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Obama Calls BP Oil Spill an ‘Assault’ on Gulf Coast Region

President Barack Obama tours the beach at Port Fourchon with Parish President Charlotte Randolph and Coast Guard Admiral Thad Allen in Louisiana. Photographer: Win McNamee/Getty Images
President Barack Obama tours the beach at Port Fourchon with Parish President Charlotte Randolph and Coast Guard Admiral Thad Allen in Louisiana. Photographer: Win McNamee/Getty Images

May 29 (Bloomberg) -- President Barack Obama called the oil spill from a damaged BP Plc well in the Gulf of Mexico an “assault” on the region and its residents and vowed to keep it a top priority until the damage is cleaned up.

“This isn’t just a mess that we’ve got to mop up; people are watching their livelihoods wash up on the beach,” Obama said yesterday at a U.S. Coast Guard station in Grand Isle, Louisiana, a barrier island south of New Orleans where he was briefed on efforts to plug the leak. “This is our highest priority.”

The president said his administration is exploring “any and all reasonable contingency plans” should BP fail in its latest attempt to stop the spill, which may be the largest on record and more than twice as big as the Exxon Valdez disaster in 1989.

Obama returned to the Gulf Coast for the second time this month as he sought to blunt criticism of his administration’s response to the spill. The president said there are no “silver bullets” to stop the leak and mitigate the damage.

“This is a man-made catastrophe that’s still evolving,” he said. Not every decision “is going to be right the first time out,” and Obama said he expects there will continue to be frustration and anger until the situation is resolved.

Responsibility

“The buck stops with me,” he said, reiterating a point he made at a White House news conference on May 27. “I ultimately take responsibility for solving this crisis.”

In remarks directed at residents of the Gulf Coast, Obama said, “You will not be abandoned, you will not be left behind.”

The spill threatens the region’s fishing and tourism industries. As Obama’s appearance was shown on the flat-screen TV in the office of Dean Blanchard Seafood Inc. in Grand Isle, Dean Blanchard said he may shut down after losing $5 million worth of sales over the past month.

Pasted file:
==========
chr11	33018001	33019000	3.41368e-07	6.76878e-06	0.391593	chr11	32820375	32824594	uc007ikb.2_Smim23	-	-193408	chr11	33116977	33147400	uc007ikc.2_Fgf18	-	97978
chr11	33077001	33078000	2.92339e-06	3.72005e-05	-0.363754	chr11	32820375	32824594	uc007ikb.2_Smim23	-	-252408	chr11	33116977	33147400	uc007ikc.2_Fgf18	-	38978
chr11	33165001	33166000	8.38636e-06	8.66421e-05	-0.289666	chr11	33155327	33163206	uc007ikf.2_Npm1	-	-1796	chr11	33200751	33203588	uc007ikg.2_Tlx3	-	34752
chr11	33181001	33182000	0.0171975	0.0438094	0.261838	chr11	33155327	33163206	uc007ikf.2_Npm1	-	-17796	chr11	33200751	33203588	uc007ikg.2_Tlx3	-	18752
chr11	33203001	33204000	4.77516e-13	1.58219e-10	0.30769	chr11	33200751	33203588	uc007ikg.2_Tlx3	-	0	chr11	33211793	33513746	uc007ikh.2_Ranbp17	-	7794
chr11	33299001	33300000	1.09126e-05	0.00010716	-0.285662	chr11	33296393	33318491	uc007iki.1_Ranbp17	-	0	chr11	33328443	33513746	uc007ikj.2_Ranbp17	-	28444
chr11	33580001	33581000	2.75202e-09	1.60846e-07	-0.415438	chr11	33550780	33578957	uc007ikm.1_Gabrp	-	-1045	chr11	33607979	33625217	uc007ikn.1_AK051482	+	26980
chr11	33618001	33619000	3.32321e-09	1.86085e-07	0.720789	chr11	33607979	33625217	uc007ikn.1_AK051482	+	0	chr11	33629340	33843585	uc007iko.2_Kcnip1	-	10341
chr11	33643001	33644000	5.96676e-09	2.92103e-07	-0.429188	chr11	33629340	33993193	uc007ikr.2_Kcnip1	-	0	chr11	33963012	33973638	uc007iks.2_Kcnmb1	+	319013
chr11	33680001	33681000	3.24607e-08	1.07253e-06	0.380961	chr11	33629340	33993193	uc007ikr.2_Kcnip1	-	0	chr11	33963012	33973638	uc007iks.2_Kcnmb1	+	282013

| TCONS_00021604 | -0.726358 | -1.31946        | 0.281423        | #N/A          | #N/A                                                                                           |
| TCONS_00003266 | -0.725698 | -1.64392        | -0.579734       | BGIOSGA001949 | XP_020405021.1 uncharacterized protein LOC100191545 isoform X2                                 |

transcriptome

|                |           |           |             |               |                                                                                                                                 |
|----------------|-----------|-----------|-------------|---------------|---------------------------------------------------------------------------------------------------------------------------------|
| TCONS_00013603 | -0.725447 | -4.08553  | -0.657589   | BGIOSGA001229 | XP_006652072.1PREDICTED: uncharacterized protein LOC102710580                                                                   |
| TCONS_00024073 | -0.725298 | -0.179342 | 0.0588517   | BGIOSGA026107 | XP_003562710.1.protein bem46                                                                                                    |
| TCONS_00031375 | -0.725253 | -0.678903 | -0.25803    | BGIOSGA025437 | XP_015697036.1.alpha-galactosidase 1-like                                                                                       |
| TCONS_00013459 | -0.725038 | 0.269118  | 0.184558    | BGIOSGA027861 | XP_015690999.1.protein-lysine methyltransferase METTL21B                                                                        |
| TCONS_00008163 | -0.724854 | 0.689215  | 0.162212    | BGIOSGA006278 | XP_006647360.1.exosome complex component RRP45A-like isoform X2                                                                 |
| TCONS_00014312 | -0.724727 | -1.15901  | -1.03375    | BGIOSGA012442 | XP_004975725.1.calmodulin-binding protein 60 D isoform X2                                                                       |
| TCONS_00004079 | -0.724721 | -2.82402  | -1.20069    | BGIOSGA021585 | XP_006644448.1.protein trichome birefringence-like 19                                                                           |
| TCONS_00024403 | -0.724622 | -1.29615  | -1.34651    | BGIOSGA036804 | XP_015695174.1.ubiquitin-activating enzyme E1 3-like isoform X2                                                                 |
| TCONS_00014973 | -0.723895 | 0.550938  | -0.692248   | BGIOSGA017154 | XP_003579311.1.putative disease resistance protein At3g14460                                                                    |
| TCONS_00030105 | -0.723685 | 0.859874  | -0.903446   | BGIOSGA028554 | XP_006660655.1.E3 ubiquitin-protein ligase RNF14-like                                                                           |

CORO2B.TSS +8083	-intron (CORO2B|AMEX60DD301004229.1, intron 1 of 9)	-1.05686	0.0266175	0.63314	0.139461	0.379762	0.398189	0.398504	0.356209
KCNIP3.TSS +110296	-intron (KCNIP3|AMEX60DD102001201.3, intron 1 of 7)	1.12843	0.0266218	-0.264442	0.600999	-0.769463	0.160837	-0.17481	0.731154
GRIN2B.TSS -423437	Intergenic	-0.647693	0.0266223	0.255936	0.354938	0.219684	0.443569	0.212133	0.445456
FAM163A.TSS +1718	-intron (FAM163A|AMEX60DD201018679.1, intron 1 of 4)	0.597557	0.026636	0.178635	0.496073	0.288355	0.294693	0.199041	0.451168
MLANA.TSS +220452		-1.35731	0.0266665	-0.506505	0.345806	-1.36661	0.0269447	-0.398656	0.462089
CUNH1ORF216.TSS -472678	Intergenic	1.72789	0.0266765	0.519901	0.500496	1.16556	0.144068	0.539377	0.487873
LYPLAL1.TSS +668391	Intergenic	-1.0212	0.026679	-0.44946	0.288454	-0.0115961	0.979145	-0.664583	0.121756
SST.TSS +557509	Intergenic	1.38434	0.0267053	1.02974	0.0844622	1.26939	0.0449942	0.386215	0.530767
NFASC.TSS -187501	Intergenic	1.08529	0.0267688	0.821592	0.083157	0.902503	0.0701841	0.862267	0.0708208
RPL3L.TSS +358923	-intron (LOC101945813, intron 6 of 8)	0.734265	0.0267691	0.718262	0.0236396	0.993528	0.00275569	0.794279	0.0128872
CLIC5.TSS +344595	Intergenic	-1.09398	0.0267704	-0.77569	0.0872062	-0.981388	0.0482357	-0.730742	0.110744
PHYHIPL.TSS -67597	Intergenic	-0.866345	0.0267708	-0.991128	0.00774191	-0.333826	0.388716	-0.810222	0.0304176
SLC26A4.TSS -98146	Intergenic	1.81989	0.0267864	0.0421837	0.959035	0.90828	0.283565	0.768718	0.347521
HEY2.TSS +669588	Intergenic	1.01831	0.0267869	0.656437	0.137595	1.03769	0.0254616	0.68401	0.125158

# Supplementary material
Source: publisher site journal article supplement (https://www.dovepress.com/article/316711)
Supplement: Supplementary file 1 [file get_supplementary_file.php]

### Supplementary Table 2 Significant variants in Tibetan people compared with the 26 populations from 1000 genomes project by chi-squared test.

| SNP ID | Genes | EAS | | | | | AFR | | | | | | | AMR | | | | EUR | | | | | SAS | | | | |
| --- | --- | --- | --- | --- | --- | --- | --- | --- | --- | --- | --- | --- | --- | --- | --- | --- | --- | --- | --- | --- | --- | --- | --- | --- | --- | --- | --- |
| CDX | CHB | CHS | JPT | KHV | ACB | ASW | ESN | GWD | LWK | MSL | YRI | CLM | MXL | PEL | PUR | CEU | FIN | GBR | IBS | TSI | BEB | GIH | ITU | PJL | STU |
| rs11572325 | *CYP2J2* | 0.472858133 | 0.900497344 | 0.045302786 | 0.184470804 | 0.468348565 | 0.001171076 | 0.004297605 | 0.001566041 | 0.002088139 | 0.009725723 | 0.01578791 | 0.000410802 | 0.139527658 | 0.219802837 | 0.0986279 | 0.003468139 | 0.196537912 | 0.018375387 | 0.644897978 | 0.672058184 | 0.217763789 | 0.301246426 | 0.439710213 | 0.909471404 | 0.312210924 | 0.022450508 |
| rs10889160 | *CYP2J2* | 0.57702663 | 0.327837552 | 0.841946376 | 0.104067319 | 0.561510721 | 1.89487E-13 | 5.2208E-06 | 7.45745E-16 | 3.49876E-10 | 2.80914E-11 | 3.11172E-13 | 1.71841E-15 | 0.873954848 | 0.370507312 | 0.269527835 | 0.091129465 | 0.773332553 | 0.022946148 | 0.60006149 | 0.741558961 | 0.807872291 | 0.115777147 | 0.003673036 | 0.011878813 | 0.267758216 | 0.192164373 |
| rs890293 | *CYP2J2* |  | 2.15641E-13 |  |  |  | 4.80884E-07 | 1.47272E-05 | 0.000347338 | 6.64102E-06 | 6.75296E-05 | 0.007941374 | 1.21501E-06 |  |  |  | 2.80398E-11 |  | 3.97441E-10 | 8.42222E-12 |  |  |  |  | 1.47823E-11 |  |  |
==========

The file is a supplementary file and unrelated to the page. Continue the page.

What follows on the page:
“I think he’s a liar,” Blanchard said. “He said he promised he wouldn’t interrupt my cash flow.”

The 51-year-old Louisiana native said he is trying to sell what he can and is considering moving to Costa Rica, where there is a strong fishing market. “I’m out of business,” he said.

Vickie Lemoine, who lives along the main road through town, said Obama needs to do more.

“I don’t think he’s been tough enough on BP,” said Lemoine, whose 17-year-old daughter, Hanna, posted hand-painted signs in their front yard that read, “BP we want our beach back” and “shame on you BP.”

Keeping Attention

Chris Camardelle, 50, a commercial fisherman, said he was hoping to hear the president say that the oil leak has been stopped. Though that didn’t happen, Camardelle said he doesn’t want Obama’s departure to cause attention to fade from his hometown.

“I hope in six months they still know that we’re still Grand Isle down here,” he said.

While in town, the president met with Coast Guard Admiral Thad Allen, who is overseeing the spill response, and regional leaders including Governors Bobby Jindal of Louisiana, Charlie Crist of Florida and Bob Riley of Alabama.

He got a briefing on the latest attempts to plug the well and limit environmental damage. BP yesterday was adding golf balls and scraps to the drilling mud it’s pumping into the well to choke off the oil

‘Full Force’

“Our response will continue with its full force regardless of the outcome of the ‘top kill’ approach,” Obama said. Allen will “get whatever he needs to deal with this crisis.”

The gushing well has taken center stage in Obama’s presidency, even as he tries to push for an overhaul of the nation’s financial regulations, monitor tensions on the Korean Peninsula and address 9.9 percent unemployment.

Republicans have been critical of the administration’s response, seeking to draw parallels to the botched government reaction to devastation from Hurricane Katrina in the Gulf in 2005. The issue dogged then-President George W. Bush, a Republican.

Obama said May 27 he’s “confident that people are going to look back and say that this administration was on top of what was an unprecedented crisis.”

Obama got a first-hand look at some of the damage from the spill yesterday when he toured the beach in Port Fourchon, Louisiana, which was speckled with tar balls.

Viewing the Beach

Wearing boots and a casual shirt, Obama bent down several times to touch the sand as Allen explained clean-up efforts. Obama said he spotted some dolphins off the shore.

“Obviously there’s precious wildlife in this area even though you see a whole bunch of oil rigs in the background,” he said.

Before the president arrived in Louisiana, environmental activists called for a full federal takeover of the spill response and for more resources to be put into it.

“What we have found on the ground is that BP is having too much say in what’s happening on the water,” said Aaron Viles, campaign director for the New Orleans-based Gulf Restoration Network. “They are fighting a forest fire with an eye dropper right now.”

To contact the reporter on this story: John McCormick in Grand Isle, Louisiana, at jmccormick16@bloomberg.net;

To contact the editor responsible for this story: Mark Silva in Washington at msilva34@bloomberg.net

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